DG GROW is about to propose 13 new chemical substances to be phased out and banned.
If you are a customer of these substances you will likely have no idea that it is happening. And, unless Directorate General (DG) GROW and Environment make some unforeseen procedural error or scientific error, you are only going to find out in a few months time that a substance that was vital for you is going to be banned.
You could have found out if you are part of a very large company and could afford to pay for staff to track the consultations of Europe’s Chemical Agency. But, if you are company focused on the business of business you are going to be in for a very nasty surprise.
Europe’s chemical law, known as REACH, have a big impact. British small and medium-sized companies rate it as the second most difficult piece of EU law to deal with (after the EU’s working time laws). All too often, companies find out very late in the day from their supplier that a substance which is a vital ingredient of their production process is going to be banned.
Last Chance Saloon – Better Regulation To the Rescue?
There is a basic problem with how the EU passes chemical bans. They are adopted in relative secrecy.
You don’t know when the Commission is putting forward the proposal to phase out a substance. It is not listed anywhere online. Some in the Commission are genuinely surprised that people busy making a living in tough markets are not constantly following the work of the Chemical Agency in Helsinki and tracking the state of play on what is likely to be hundreds, if not thousands, of chemical substances that they use.
The Commission’s new Better Law Making rules offered a ray of hope that people impacted by these bans and restrictions could let the powers that be know of some important use that was at stake. Under the Commission’s self-commitments under the Better Law Making Agreement, the Commission would be required to subject proposals to validation, Road Maps, impact assessment and pre-proposal adoption public consultation.
Under these rules, there is no reason that draft delegated or implementing acts for substance bans and restrictions – that impact thousands of users, even if the substance bans or restriction, may only be targeted at one or a few producers – could not be subject to the Better Law Making self commitments. Even the use of the validation, Road Map and the public consultation before the College of Commissioners adopted a proposal for a substance ban or restriction, and adding 4 extra weeks to a process that has taken a few years is not a major hurdle.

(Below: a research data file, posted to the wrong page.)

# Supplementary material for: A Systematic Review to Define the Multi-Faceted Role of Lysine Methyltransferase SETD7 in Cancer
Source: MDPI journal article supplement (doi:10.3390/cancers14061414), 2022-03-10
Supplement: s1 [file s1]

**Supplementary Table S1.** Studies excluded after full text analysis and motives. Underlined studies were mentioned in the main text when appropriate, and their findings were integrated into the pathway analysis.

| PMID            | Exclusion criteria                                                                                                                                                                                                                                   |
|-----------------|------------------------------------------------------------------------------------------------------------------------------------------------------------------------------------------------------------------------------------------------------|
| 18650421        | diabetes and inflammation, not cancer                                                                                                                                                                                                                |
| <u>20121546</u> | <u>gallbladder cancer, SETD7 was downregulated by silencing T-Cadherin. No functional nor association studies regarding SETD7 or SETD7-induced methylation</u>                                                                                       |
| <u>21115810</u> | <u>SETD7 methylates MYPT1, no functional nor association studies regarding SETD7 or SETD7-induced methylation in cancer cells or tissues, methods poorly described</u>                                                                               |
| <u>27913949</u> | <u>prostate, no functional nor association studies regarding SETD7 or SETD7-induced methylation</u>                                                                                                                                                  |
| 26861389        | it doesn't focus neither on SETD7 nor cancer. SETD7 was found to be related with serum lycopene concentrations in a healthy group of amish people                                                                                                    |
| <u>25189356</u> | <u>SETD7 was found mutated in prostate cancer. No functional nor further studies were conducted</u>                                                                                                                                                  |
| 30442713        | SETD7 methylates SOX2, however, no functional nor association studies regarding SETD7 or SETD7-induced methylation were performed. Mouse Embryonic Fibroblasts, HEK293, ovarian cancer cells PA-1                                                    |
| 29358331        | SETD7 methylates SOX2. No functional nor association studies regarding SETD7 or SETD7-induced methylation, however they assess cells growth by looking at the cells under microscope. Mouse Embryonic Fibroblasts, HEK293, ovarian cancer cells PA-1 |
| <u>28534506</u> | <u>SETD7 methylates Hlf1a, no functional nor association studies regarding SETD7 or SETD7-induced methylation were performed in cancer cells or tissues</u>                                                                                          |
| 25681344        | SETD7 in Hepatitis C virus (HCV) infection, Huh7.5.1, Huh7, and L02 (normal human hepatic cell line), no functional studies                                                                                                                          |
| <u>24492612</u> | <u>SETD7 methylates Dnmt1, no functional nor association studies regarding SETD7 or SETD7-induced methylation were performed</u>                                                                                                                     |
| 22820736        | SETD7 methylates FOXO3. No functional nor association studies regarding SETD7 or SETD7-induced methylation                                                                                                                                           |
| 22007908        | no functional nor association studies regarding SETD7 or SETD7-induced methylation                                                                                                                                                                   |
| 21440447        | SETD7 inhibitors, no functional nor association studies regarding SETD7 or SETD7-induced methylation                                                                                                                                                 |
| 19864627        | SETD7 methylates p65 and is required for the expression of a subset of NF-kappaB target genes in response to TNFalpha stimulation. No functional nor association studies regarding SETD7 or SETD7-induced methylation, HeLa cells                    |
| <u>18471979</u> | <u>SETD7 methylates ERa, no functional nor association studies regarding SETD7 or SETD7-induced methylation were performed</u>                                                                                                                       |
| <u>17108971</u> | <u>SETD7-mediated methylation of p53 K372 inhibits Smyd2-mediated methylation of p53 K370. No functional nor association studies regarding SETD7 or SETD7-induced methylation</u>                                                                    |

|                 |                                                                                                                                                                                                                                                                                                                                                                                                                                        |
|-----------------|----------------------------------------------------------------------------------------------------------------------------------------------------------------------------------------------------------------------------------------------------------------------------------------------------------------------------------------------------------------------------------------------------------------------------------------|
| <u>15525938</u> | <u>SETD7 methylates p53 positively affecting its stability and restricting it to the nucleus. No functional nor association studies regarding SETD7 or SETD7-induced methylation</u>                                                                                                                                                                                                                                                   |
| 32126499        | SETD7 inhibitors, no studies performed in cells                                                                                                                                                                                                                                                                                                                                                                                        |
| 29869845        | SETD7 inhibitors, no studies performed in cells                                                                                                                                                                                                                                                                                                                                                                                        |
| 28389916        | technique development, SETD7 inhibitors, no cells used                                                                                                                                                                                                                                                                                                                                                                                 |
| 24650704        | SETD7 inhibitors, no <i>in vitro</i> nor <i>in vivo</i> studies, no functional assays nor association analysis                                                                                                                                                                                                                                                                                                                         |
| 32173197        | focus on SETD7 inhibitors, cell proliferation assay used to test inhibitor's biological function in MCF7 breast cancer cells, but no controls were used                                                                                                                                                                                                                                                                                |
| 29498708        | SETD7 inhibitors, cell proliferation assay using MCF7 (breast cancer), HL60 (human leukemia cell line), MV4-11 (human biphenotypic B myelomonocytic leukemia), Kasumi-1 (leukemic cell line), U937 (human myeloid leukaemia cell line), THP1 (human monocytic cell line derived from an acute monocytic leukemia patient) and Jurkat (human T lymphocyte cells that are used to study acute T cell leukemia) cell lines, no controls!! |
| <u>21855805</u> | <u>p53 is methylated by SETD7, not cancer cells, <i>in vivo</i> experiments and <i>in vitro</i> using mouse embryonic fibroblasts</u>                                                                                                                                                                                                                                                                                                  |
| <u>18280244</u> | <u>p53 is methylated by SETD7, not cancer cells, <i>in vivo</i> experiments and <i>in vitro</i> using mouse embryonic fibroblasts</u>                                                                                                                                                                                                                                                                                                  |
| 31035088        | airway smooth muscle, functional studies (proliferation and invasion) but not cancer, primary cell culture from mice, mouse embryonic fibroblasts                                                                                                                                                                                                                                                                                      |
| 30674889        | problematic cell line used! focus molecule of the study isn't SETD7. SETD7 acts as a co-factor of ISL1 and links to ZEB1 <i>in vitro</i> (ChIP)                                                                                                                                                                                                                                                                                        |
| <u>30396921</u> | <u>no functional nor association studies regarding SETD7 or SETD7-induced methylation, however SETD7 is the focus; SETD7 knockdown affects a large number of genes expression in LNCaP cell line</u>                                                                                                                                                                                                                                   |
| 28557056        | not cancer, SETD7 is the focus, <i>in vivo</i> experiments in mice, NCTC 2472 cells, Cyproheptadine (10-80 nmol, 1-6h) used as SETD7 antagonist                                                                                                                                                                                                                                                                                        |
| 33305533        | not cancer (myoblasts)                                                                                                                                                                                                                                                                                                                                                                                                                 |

How to stop Vice-President Timmermans being hoodwinked
It may even alert Vice-President Timmermans of some life saving use of a substance that is going to be banned and put lives at risk. Stranger things have happened. He has is meant to be against the seeming never-ending flow of Commission proposals from what at times seems to be a self-directing Commission Services, immune from political control by the Commissioners, let alone the President and his Vice-President.
At the moment, the Vice-President and other Commissioners will only know if there is an issue if the DG Grow and Environment write in their papers that there is a problem. They tend not to highlight any problems with their proposals. As these two department exclude substances bans and restrictions away from the screening process of Better Law Making, from the provision of Road Maps to let alone Impact Assessments and even a final 4 weeks public consultation, you can understand why the College of Commissioners have very little idea about the bans and restrictions they are signing off on.
Why Officials Prefer Secret Law Making
I can understand why civil servants, focused on administrative efficiency, would seek to persuade Vice-President Timmermans that substance bans and restrictions should not fall under the Better Law Making rules. Impact Assessments, listing on Road Maps, being subject to public consultation screenings, should not impede the phasing out of some chemical substances.
These diligent officials will say, in some cases fairly, that most users and producers have been following the process through ECHA. The bans and restrictions are no surprise. They’ll claim that these legal measures are of individual impact and should not be subject to this process. It would, to the uninitiated, seem fair to create a small but extra check and balance.
Unfortunately, as I have sought to imperfectly explain, there are many good reasons why people using chemical substances for vital purposes will have missed the ECHA process. The last chance of letting the European Commission, beyond the masters of the file at DG GROW and Environment, that some vital use has been overlooked and will be snuffed out with the ban or restriction, seems only fair. It sounds only rational if the Commission is serious about Better Law Making.
Member States in the Dark
The Members of the Member State Committee that first votes on the Commission’s proposal are not make public. The proposal is not public until the Member State Committee vote on it. Some Member States, with more developed traditions of open law making, make consult their national trade associations.
Open Law Making Can Happen
Substances bans under the RoHS Directive are done differently. Public Consultations are organised by the Commission. This can, and does, lead to unknown uses being made public, and can lead to proposals being altered.
We will know on 1st July, when the Better Law Making self commitments come into force, whether the forces of open law making have won in the Commission.